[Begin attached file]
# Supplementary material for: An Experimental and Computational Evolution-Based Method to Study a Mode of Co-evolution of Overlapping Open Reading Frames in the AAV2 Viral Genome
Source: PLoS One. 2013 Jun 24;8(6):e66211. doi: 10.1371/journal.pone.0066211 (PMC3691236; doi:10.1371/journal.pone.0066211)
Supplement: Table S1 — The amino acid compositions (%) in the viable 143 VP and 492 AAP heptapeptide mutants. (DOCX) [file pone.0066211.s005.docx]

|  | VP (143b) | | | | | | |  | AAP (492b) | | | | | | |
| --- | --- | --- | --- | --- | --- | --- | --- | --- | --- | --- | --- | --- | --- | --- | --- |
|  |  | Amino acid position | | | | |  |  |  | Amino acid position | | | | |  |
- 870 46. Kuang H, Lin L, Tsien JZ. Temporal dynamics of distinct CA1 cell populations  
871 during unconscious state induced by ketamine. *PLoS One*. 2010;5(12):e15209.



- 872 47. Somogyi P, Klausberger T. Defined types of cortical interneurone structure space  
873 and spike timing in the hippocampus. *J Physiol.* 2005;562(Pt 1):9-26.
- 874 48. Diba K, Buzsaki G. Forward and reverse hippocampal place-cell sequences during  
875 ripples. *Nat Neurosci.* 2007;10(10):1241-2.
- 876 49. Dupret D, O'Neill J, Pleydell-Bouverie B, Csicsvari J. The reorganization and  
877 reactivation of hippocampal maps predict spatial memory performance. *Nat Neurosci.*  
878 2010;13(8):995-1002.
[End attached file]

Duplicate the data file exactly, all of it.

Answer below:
# Supplementary material for: An Experimental and Computational Evolution-Based Method to Study a Mode of Co-evolution of Overlapping Open Reading Frames in the AAV2 Viral Genome
Source: PLoS One. 2013 Jun 24;8(6):e66211. doi: 10.1371/journal.pone.0066211 (PMC3691236; doi:10.1371/journal.pone.0066211)
Supplement: Table S1 — The amino acid compositions (%) in the viable 143 VP and 492 AAP heptapeptide mutants. (DOCX) [file pone.0066211.s005.docx]

|  | VP (143b) | | | | | | |  | AAP (492b) | | | | | | |
| --- | --- | --- | --- | --- | --- | --- | --- | --- | --- | --- | --- | --- | --- | --- | --- |
|  |  | Amino acid position | | | | |  |  |  | Amino acid position | | | | |  |
- 870 46. Kuang H, Lin L, Tsien JZ. Temporal dynamics of distinct CA1 cell populations  
871 during unconscious state induced by ketamine. *PLoS One*. 2010;5(12):e15209.



- 872 47. Somogyi P, Klausberger T. Defined types of cortical interneurone structure space  
873 and spike timing in the hippocampus. *J Physiol.* 2005;562(Pt 1):9-26.
- 874 48. Diba K, Buzsaki G. Forward and reverse hippocampal place-cell sequences during  
875 ripples. *Nat Neurosci.* 2007;10(10):1241-2.
- 876 49. Dupret D, O'Neill J, Pleydell-Bouverie B, Csicsvari J. The reorganization and  
877 reactivation of hippocampal maps predict spatial memory performance. *Nat Neurosci.*  
878 2010;13(8):995-1002.